Well, I thought I'd heard some bad similes when the botched HealthCare.gov rollout was likened to Hurricane Katrina or the Iraq War. (Those were nicely rebutted by the likes of Ezra Klein and Jon Stewart.) But Slate Editor David Plotz has topped them all. Here he is on the most recent Slate Political Gabfest:
I wonder if this is going to have a similar kind of effect the Vietnam War and the Pentagon Papers did. You have these government bureaucrats, government leaders who claim to be so smart, claim to be so capable, so on top of it, to have a strategy. And then suddenly the curtain is pulled back on the Vietnam War, and then you realize it's all a sham.... This is a similar thing, which is that so many people, and I count myself one of the suckers among them, thought, Well, Obama is a very smart, analytical guy, he clearly is capable of using technology very effectively, at least as a political campaigner, of course this is going to be taken care of. And the fact that they botched it so badly makes you think that no institution can be trusted, that government really can't do the job.
Let's just get this out of the way: No, this is not like the Vietnam War. One was a tragedy that lasted over a decade, killed more than 50,000 Americans and likely millions of Vietnamese and wounded many more, created class and racial rifts in this country that persist to this day, served up a humiliating defeat for the United States in the midst of the Cold War, and revealed several presidential administrations willing to sacrifice substantial blood and treasure to avoid admitting that they didn't know what they were doing. The other is a crappy website. A crappy website that somewhat delays people's ability to sign up forhealth insurance (rather than, say, die in a foreign jungle), and a crappy website that is being repaired as you read this and is apparently functioning more or less as advertised now. (In fairness, Plotz did express concern that his own metaphor was a strained one.)
Ensuring that millions of people obtain access to health insurance is not an easy job. If it were, it would have been done by now.
OK, so the hyperbole is clearly unwarranted. But what about Plotz's larger point? Will this botched rollout damage people's beliefs in the power of government to solve problems? No, it probably won't. Nor should it, any more than the iPhone 4's antenna problem undermined people's beliefs that Apple could build a cell phone, or that the private sector could produce working electronics products.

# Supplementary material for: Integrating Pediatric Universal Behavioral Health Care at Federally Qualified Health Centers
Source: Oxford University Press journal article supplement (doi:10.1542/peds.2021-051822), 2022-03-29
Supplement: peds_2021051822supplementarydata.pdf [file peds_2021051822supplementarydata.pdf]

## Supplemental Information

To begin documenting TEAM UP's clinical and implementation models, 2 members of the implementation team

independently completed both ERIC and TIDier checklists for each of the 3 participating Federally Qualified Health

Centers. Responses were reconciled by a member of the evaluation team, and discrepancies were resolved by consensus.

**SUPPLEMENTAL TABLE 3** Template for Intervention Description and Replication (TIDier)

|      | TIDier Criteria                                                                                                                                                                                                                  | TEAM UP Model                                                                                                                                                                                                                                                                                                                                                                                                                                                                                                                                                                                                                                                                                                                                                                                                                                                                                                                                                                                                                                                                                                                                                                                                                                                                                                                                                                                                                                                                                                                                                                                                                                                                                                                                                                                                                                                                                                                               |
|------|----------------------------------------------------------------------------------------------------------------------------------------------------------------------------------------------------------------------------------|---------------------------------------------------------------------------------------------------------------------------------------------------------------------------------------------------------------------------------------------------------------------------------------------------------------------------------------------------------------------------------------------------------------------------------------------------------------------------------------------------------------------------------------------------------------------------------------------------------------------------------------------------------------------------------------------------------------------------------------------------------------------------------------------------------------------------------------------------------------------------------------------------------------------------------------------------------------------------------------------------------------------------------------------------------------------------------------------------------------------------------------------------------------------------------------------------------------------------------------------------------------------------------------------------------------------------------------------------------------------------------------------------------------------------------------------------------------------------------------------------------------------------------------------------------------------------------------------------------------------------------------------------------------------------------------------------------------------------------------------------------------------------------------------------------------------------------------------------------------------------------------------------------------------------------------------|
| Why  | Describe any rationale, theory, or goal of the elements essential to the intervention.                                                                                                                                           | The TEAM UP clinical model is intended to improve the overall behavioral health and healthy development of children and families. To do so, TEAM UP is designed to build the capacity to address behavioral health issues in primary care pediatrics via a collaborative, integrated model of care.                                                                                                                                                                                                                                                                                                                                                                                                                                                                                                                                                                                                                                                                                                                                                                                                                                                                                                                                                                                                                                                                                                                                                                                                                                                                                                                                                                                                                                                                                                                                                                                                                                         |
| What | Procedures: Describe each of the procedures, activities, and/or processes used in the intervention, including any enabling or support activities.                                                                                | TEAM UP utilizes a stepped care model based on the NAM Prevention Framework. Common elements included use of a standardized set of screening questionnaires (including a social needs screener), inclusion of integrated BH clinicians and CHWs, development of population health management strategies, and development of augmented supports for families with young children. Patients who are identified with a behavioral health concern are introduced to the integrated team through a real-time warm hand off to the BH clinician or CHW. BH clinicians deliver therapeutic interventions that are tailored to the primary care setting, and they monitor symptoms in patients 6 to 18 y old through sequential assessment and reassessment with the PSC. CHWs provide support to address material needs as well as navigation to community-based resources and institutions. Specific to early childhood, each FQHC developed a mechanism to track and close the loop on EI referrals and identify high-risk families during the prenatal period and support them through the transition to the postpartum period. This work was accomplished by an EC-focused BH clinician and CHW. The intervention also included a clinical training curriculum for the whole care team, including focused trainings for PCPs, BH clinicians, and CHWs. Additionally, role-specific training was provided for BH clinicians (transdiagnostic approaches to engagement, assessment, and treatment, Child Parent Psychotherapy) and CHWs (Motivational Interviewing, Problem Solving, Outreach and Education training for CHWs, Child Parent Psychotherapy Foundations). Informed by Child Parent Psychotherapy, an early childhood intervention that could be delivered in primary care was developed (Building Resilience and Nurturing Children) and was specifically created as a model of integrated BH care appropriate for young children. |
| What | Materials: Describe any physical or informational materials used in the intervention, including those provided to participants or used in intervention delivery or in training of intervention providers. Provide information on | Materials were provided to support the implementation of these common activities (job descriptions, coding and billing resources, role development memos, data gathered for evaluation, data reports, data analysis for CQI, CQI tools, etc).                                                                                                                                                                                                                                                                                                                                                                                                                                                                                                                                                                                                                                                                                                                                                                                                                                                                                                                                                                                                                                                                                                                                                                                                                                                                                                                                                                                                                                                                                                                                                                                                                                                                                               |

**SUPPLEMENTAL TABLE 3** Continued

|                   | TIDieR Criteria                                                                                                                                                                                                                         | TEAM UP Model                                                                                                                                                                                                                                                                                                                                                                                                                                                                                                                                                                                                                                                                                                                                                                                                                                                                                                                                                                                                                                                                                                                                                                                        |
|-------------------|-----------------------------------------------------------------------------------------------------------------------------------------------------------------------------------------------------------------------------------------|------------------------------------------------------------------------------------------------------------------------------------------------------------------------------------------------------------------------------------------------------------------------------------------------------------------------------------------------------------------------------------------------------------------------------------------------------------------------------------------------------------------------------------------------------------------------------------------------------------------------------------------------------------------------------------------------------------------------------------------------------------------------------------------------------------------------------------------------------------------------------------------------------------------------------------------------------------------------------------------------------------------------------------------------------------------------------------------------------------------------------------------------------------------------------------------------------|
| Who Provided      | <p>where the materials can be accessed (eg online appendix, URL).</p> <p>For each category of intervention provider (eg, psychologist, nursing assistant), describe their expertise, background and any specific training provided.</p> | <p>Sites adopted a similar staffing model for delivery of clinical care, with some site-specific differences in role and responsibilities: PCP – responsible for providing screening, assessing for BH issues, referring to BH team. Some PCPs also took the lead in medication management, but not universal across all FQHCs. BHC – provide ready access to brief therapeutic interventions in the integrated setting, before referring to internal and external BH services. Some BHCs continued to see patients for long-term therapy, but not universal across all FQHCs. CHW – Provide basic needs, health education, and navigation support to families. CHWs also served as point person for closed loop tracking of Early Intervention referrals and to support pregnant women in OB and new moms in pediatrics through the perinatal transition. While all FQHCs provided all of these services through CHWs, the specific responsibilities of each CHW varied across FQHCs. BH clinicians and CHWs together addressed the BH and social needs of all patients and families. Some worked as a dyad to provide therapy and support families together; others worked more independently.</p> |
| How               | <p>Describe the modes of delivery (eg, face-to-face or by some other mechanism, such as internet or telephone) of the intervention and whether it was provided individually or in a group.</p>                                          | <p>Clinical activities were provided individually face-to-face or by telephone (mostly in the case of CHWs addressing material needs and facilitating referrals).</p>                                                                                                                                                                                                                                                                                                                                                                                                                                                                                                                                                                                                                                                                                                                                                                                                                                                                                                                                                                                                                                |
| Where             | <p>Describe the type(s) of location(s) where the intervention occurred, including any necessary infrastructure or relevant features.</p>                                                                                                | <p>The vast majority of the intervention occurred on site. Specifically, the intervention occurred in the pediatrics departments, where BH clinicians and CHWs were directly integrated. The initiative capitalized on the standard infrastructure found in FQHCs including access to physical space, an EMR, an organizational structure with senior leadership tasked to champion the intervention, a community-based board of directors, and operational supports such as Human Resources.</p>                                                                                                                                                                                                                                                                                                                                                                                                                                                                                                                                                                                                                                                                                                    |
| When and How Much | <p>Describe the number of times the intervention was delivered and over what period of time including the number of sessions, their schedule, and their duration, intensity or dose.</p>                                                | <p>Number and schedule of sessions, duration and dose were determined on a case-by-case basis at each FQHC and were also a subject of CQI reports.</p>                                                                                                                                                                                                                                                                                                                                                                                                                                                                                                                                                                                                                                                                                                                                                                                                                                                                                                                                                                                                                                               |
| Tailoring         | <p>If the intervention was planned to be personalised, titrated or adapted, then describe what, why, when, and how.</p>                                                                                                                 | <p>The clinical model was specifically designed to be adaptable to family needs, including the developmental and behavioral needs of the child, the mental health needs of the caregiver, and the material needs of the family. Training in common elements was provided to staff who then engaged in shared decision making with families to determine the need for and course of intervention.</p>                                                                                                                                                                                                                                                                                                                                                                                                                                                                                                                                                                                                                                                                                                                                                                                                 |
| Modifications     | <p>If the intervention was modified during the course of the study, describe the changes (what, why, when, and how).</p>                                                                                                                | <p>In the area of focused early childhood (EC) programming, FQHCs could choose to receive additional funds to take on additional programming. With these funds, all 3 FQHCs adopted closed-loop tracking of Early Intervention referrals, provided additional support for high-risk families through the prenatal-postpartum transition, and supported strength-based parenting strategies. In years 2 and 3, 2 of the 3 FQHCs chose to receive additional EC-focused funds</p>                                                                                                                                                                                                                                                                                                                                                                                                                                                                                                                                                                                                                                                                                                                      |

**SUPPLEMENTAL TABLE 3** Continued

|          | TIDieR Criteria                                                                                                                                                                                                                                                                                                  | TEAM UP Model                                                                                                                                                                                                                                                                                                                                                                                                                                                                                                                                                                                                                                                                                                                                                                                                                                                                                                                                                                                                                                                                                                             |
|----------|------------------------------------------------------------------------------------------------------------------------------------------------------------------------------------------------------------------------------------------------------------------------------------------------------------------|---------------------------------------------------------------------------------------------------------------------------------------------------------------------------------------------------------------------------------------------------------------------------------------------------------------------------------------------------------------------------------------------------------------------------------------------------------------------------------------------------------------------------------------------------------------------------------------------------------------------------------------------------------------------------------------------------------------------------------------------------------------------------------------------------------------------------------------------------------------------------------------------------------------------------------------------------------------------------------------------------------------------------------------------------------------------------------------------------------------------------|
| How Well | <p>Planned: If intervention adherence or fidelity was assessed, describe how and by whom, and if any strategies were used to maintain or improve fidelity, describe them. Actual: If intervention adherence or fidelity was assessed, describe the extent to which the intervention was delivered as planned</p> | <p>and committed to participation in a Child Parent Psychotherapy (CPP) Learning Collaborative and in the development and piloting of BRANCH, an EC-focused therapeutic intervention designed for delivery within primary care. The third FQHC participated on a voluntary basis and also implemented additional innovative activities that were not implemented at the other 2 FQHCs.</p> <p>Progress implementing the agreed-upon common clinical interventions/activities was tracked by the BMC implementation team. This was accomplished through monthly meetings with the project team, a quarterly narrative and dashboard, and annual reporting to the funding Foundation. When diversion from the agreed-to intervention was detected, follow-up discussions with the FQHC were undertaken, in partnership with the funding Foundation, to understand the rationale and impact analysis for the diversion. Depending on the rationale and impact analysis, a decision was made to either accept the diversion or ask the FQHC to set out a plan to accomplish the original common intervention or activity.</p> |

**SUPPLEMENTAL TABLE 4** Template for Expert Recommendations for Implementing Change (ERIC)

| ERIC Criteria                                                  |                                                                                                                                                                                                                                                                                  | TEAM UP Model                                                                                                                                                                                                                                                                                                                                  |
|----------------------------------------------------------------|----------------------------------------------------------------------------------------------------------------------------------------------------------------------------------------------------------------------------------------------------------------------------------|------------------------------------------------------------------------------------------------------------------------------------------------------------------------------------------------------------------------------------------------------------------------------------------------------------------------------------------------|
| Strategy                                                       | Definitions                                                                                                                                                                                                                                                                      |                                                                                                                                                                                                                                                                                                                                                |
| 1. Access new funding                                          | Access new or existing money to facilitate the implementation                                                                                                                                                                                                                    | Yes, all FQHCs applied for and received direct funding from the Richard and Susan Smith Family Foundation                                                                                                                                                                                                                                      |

For one thing, people's beliefs over whether government works is a deeply ideological question and is often divorced from empirical reality. When the financial sector collapsed in the fall of 2008 and the economy appeared to be in free-fall, actions by the federal government, economists broadly believe, helped stabilize the situation, saving the financial sector, limiting the rise in unemployment, and keeping a large recession from turning into another depression. The feds stepped in when the private sector was ailing and arguably saved the day. Did the government get credit for that? No. If anything, people's faith in government to do the right thing went down during that time.
Given how ideological the question of government effectiveness is, people will generally resort to their predispositions when evaluating HealthCare.gov. Conservatives will point to the website as evidence that the federal government can't solve big problems well and shouldn't try. Liberals will point to the military, Social Security, and Medicare to point out that the federal government actually can go big very effectively, and that we shouldn't judge this new endeavor based on a weak website rollout. Few minds will be changed.
For another thing, we should keep in mind that the federal government always gets the dirty jobs. It's not like large swathes of the public are sitting around dreaming up things for the feds to do. Rather, people turn to the federal government as the problem-solver of last resort. The free market, even operating at its best, will still fail to produce some needed goods, such as systems of education, health care, housing, and transportation that meet the needs of all the citizens. State governments often have limited resources and can't run deficits or print money. So people turn to the federal government when something has to be done but no one else will do it.
All this is to say that ensuring that millions of people obtain access to health insurance is not an easy job. If it were, it would have been done by now. No, the website didn't need to be as bad as it was—California's health exchange system seems to be functioning fairly well and serves a population more than a tenth the size of the United States, showing that this sort of thing can actually be done. So, certainly, those responsible for HealthCare.gov thus far deserve all the criticism coming their way. But we might keep in mind that the federal government is still just in the initial phases of addressing a problem that's been vexing Americans for decades before we start organizing campus protests, putting together another Woodstock concert, or filming a new generation of Rambo pictures.